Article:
Marriage and Human Being
In a marriage, however, even when there have been contractual elements, the point of the marriage was to do something more than a contract could do. We might say that the marriage relationship was covenantal because it made it possible for the married couple to do something that they could not do merely as individuals.
What that something-more was might be easily specifiable: we enter into this marriage in order to produce an heir. However, it also might not be specified so easily. It includes matters such as the creation of (ideally) stable relations in which to raise children, or the natural foundation for all ethical and political life (as in Aristotle).
Those things are true of marriage, but they tell us about its necessity or its results and don't get directly at its essence. For that, the 19th-century German thinker, G. W. F. Hegel, gets most closely to the truth of things when he says:
Marriage is essentially an ethical relationship. Formerly, especially in most treatments of natural right, attention was paid only to the physical side of marriage or to its natural character. Consequently, it was treated as only a sexual relationship . . . . It is equally crude to think of marriage as only a civil contract . . . . On such a view, the individual humans are bound by a contract of mutual wilfulness, and marriage is degraded to the level of a contract for reciprocal use. A third notion posits marriage in love alone, but this too must be rejected, because love is only a feeling and so is exposed in every respect to contingency, a shape ethicality may not assume. Marriage, therefore, is determined more precisely as rightful, ethical love . . . . The ethical aspect of marriage consists in the parties' consciousness of this union as their substantial aim, and thus in their love, trust, and common sharing of their entire worldly being. (Philosophy of Right ¶¶ 161, 173)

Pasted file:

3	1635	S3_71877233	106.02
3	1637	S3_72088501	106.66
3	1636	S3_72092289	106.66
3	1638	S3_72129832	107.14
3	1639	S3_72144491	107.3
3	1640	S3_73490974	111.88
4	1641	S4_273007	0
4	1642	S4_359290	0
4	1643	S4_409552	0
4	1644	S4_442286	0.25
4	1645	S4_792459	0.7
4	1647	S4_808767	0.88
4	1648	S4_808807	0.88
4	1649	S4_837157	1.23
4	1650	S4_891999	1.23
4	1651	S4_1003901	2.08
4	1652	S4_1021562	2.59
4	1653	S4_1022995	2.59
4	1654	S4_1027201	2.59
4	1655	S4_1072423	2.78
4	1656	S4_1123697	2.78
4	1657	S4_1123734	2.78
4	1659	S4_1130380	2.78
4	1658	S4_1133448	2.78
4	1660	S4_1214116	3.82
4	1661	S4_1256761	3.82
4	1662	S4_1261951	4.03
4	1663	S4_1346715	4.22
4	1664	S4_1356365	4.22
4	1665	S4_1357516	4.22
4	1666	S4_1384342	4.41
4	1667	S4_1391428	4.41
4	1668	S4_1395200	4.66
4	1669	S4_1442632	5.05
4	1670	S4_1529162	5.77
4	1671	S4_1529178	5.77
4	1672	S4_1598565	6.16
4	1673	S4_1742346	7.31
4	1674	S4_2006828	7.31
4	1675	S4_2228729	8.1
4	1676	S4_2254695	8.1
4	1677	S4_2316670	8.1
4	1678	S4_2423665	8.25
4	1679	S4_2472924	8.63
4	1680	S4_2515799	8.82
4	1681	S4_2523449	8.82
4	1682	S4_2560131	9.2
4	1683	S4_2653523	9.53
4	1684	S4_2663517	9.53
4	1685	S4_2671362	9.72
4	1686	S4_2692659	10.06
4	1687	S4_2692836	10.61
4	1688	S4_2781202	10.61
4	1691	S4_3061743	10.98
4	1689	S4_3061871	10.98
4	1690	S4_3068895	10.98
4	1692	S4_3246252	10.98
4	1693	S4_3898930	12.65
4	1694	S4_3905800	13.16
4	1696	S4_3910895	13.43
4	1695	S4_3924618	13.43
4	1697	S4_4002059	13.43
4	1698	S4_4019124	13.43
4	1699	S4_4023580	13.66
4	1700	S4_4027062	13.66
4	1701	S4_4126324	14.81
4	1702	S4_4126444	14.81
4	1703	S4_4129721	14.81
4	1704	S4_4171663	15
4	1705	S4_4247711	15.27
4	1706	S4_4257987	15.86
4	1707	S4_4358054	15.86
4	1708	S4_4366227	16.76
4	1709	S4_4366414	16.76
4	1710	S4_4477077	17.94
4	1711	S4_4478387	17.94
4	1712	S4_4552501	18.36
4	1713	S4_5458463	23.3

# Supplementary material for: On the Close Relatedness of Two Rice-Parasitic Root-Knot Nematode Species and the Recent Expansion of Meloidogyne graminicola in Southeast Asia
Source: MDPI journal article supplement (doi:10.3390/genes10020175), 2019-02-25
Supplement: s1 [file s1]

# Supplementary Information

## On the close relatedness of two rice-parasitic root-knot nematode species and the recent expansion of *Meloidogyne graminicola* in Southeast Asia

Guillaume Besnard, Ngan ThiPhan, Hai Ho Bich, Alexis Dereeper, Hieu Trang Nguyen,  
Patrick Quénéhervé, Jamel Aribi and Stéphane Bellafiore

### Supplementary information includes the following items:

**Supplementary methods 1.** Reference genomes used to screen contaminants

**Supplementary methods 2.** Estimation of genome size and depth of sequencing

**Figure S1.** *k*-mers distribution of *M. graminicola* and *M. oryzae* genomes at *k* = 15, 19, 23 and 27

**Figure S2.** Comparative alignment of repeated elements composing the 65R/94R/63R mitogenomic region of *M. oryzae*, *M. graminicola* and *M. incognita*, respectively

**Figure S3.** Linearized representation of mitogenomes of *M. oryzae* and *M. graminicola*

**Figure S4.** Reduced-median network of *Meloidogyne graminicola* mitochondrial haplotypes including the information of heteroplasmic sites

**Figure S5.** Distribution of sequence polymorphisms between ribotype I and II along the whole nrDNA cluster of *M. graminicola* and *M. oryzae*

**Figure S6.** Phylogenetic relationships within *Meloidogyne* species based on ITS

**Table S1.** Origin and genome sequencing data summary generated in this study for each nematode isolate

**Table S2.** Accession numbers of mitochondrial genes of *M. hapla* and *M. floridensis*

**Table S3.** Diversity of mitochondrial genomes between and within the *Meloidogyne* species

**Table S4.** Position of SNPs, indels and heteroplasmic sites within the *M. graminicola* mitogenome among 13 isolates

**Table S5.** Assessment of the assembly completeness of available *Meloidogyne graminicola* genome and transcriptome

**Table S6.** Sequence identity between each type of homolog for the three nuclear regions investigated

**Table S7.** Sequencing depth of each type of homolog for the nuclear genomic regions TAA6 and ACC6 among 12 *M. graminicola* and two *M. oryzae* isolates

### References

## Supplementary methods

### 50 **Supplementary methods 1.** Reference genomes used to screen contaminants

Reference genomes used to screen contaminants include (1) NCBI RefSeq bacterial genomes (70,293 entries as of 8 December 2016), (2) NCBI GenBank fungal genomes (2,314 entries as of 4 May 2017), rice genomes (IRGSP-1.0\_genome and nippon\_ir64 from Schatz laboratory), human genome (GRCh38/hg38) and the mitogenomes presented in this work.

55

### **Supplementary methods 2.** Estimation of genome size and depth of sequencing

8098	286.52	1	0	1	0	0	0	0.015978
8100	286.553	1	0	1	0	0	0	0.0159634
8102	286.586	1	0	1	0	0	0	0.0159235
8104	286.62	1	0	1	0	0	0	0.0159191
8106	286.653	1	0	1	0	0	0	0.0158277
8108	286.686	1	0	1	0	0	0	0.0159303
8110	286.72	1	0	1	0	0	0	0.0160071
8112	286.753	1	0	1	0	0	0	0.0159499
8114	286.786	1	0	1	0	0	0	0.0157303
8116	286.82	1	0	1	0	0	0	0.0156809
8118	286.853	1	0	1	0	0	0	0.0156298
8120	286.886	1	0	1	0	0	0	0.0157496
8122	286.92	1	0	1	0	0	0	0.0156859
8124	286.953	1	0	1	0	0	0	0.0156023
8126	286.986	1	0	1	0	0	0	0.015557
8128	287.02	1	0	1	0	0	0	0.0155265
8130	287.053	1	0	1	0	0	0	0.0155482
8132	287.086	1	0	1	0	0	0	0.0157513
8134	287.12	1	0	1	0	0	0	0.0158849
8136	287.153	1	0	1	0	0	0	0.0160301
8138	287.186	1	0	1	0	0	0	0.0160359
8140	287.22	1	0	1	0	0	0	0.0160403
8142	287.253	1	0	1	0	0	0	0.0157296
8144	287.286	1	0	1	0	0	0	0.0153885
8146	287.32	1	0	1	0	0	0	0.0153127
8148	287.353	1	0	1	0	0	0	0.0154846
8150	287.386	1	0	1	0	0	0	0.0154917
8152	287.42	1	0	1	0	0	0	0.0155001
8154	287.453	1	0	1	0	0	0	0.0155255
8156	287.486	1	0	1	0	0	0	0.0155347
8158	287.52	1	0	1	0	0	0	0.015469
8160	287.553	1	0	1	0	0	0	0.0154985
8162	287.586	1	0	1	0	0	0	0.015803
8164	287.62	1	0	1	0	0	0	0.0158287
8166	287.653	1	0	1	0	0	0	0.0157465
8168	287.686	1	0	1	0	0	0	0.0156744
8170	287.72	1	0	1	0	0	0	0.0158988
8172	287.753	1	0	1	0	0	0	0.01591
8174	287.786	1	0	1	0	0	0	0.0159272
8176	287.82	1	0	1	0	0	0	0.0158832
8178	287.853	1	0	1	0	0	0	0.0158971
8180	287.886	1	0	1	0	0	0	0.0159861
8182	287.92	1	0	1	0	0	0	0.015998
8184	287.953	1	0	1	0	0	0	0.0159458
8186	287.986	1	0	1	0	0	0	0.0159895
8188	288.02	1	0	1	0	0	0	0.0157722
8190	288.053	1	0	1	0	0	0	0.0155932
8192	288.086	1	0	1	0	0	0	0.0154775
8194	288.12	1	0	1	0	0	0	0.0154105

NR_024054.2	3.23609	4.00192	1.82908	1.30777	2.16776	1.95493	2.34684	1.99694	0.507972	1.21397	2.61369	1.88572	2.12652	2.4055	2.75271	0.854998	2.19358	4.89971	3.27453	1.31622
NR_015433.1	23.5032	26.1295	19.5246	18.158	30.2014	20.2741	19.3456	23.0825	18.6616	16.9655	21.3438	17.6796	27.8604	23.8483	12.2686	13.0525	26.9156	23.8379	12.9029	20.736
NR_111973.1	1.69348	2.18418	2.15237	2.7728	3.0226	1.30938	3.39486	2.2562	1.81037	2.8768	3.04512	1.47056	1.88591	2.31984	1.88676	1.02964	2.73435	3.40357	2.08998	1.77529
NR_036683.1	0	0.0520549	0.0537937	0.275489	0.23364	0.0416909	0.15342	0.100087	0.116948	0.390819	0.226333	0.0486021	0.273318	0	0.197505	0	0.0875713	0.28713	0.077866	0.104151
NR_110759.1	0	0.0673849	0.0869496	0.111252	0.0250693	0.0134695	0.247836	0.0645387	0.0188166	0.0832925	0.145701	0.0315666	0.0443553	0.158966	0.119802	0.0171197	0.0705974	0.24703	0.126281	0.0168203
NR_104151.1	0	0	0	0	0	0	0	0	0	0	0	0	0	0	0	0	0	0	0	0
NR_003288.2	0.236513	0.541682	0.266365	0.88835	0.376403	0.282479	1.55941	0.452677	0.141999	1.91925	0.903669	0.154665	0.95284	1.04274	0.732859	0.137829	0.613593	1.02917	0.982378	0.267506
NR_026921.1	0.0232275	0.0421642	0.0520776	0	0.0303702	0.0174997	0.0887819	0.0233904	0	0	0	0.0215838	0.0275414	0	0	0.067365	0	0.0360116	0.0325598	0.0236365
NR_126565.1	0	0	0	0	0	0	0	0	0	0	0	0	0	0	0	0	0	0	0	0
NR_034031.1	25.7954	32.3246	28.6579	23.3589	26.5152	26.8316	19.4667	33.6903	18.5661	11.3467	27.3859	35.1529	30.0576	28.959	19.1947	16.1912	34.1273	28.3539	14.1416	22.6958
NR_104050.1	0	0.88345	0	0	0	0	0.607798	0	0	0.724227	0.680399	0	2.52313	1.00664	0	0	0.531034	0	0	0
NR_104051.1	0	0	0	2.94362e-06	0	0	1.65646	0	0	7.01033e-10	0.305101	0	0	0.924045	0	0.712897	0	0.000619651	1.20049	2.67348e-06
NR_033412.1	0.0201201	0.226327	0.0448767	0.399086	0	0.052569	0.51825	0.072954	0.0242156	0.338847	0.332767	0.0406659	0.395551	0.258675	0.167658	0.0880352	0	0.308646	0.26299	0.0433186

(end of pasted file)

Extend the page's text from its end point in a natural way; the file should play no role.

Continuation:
Hegel is right: marriage is not just about sex, nor is it merely a civil contract, nor is it merely about love—though none of those three is irrelevant to it. Marriage is an ethical relationship in which the unity of that relationship is paramount and the couple is explicitly aware of its importance.
As Hegel says, in marriage a couple shares their "entire worldly being." A married couple is a new thing, an individual with two hearts and two minds and yet, nevertheless, an individual in the root sense of that word, a living being that cannot be divided without killing it.
James Faulconer is a Richard L. Evans Professor of Religious Understanding at Brigham Young University, where he has taught philosophy since 1975.